First in a two-part series
“Discipleship” seems to be everywhere. There are books about discipleship and sermons about discipleship. Archbishop Linda Nicholls, primate of the Anglican Church of Canada, suggested in the Journal two months ago that baptism isn’t just entry into the church, but also the gateway to—you guessed it—discipleship “Discipleship is for every baptized Christian.” Another article suggested that discipleship is the key to the church’s survival (“No ‘nominal option’: Calling Anglicans to discipleship”). And on the international front, apparently more than a hundred dioceses around the world have decided to make discipleship a key priority, it being the theme of one of 10 statements or “calls” made by Lambeth bishops to the Anglican Communion in 2022.
Not surprisingly, people in the pew are asking, “But what on earth is this discipleship thing?” Is this just one more in a long line of bright ideas guaranteed to solve our problems and grow our churches? We’ve seen this before—remember the Decade of Evangelism? Back to Church Sunday? Ideas like this come and go, like those famous Baskin-Robbins flavours of the month—but nothing really changes. So how is discipleship any different?
New life from the roots
I think the clue is this: In times of spiritual renewal, something very counter-intuitive happens. As people pray for something new, when that new thing arrives it bears an uncanny resemblance to something very old, something that takes us back to our roots. The good thing about returning to roots, of course, is that roots are precisely where new life comes from, so this shouldn’t surprise us.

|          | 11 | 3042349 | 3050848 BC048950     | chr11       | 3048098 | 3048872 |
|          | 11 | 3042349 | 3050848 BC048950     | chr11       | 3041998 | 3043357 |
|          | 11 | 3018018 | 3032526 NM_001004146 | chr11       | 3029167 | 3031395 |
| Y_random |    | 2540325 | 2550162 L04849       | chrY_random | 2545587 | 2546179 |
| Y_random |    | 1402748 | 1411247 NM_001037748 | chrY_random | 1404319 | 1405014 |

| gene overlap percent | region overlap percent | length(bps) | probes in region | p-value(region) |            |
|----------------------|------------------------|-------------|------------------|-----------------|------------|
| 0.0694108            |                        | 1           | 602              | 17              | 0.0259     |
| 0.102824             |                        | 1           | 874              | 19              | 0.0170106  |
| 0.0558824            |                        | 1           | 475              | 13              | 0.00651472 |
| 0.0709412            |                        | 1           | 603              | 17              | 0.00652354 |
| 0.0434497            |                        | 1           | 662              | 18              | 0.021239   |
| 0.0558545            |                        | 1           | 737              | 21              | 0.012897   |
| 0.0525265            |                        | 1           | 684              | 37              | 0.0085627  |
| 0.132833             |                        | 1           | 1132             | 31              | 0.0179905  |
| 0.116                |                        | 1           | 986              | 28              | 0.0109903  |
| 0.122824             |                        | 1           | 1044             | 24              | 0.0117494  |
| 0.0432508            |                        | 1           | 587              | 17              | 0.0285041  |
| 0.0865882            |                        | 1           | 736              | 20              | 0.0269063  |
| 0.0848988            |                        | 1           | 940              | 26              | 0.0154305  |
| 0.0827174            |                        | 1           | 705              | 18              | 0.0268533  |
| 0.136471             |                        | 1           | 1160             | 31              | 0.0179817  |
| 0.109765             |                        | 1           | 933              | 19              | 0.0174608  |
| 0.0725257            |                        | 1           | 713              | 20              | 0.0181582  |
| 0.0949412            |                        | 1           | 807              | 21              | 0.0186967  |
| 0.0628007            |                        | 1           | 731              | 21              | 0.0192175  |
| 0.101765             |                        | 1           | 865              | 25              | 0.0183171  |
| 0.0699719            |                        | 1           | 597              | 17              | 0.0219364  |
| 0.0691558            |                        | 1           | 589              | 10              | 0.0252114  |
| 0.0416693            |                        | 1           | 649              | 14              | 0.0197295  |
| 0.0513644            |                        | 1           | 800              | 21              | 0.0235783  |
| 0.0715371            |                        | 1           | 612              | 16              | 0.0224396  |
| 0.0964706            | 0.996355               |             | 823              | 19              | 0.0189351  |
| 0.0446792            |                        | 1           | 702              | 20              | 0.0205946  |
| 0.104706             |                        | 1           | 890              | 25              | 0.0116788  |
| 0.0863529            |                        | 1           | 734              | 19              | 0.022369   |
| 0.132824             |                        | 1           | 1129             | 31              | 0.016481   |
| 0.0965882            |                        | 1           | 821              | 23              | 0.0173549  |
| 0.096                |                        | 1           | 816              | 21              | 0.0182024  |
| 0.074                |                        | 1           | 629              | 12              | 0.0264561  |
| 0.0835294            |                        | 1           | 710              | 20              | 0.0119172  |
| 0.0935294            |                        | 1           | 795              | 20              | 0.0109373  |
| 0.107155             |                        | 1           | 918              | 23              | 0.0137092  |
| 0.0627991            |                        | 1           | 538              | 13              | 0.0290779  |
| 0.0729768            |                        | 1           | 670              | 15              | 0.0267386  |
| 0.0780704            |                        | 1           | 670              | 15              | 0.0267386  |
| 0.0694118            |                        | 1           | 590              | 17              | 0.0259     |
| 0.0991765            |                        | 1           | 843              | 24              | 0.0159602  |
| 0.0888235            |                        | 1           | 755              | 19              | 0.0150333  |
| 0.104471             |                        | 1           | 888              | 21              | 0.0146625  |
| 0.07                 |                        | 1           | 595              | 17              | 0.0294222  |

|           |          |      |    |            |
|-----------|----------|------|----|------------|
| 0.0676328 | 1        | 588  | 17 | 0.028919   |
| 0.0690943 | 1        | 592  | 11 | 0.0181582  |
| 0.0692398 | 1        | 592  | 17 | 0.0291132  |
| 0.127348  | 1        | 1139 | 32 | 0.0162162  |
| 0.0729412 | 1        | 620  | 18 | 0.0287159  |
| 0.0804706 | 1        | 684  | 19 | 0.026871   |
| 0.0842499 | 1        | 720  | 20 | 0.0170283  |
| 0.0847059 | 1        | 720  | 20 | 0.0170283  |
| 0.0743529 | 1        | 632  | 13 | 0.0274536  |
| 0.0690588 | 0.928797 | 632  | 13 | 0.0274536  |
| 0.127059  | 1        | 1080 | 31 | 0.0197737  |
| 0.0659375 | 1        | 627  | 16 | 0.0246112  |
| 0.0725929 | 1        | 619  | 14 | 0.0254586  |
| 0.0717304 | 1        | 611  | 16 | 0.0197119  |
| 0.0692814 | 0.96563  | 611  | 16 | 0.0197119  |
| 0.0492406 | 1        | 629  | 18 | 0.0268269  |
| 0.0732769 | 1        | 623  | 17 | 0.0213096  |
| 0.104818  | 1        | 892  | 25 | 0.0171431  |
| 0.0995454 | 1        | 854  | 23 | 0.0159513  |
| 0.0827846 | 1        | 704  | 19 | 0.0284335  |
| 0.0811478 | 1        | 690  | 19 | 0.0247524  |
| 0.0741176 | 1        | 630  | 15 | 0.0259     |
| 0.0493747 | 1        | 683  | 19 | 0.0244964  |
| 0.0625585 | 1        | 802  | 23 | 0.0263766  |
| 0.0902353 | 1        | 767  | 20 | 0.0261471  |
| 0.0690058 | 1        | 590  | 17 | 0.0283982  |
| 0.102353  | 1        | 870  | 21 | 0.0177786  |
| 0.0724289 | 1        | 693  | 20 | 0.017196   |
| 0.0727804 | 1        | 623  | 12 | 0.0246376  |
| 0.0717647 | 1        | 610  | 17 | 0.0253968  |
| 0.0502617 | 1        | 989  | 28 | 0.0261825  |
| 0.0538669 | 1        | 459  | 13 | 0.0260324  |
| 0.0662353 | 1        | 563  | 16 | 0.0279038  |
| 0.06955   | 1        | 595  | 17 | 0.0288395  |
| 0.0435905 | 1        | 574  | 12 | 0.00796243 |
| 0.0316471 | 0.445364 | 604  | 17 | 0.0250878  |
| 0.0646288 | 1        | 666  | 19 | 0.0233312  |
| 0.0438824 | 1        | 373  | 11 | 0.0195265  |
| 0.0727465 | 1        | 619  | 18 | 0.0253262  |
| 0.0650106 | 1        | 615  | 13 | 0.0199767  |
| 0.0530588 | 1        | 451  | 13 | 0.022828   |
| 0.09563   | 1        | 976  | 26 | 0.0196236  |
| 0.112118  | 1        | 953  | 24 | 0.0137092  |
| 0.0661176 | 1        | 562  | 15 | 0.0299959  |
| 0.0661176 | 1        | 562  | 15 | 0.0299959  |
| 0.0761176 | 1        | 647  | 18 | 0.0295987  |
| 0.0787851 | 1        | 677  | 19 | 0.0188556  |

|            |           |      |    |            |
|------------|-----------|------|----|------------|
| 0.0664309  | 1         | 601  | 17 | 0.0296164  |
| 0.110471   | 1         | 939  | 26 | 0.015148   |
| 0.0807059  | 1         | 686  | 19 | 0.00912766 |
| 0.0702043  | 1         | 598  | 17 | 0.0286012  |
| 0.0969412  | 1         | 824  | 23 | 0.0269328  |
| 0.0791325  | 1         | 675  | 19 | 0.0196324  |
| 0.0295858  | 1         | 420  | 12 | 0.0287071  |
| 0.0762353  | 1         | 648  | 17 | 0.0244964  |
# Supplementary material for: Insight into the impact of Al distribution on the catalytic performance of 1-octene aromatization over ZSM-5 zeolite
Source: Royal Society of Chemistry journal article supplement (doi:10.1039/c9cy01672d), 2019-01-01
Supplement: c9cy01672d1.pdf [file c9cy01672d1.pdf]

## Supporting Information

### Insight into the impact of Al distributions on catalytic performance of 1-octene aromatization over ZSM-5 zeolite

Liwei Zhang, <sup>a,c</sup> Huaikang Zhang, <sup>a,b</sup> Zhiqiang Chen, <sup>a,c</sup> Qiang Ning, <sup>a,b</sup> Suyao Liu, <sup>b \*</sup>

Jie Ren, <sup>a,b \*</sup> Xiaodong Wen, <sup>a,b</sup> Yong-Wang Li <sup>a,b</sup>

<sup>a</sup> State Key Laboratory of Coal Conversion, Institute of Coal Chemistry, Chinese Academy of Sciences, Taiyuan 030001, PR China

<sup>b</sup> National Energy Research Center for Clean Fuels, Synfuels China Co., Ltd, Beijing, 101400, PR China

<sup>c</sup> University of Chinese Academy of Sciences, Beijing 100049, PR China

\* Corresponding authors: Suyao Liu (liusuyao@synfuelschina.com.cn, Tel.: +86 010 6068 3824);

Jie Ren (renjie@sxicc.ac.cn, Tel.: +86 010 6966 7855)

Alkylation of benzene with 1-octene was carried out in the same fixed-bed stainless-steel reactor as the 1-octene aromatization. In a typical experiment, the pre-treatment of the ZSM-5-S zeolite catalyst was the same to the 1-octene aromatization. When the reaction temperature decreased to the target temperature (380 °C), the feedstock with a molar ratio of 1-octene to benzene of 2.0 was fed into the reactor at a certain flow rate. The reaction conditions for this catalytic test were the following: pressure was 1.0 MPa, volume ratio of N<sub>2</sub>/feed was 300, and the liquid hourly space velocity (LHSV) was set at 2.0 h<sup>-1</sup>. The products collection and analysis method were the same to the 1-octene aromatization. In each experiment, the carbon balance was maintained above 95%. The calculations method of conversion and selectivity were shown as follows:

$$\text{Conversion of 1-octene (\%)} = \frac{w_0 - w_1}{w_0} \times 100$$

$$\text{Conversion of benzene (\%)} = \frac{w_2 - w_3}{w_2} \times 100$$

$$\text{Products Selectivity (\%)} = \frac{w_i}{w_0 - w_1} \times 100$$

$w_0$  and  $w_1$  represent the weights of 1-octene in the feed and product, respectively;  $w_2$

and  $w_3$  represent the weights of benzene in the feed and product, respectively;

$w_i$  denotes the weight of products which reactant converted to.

In the Christian story, discipleship is about as old as it gets—as old as the four gospels. It’s worth reminding ourselves of that story, because it sheds light on what discipleship is, and why it is more than a buzzword. Early on in each of the four gospels, two things happen: Jesus announces his mission, and he calls disciples. The two seem to be intimately connected, but how?
Jesus called his mission “the kingdom”—an image which didn’t have the negative connotations it can have in our day. Quite simply, it was shorthand for saying that with the coming of Jesus, God was beginning to work in a new way to put right everything that is wrong in the world. This, Jesus says, is Good News. Indeed, it is the best possible Good News for the world: it is gospel! And this new kingdom is somehow connected to the arrival on the scene of Jesus.
For three years Jesus lives a life that embodies what “kingdom” means: he teaches about it, he tells stories about it and every day he demonstrates what it means to live the way of the kingdom. As a result, in every village that Jesus visits, people get a taste of what life in this new kingdom feels like. New Testament scholar N. T. Wright even speculates that in the villages Jesus visited, small communities would have sprung up composed of people inspired to live out this new way even after he had left.
From kingdom to discipleship
So that’s the first theme of the gospels. Jesus announces—and demonstrates—this radically new way of doing life and of being human, to a world that is alternately delighted and outraged by what it sees.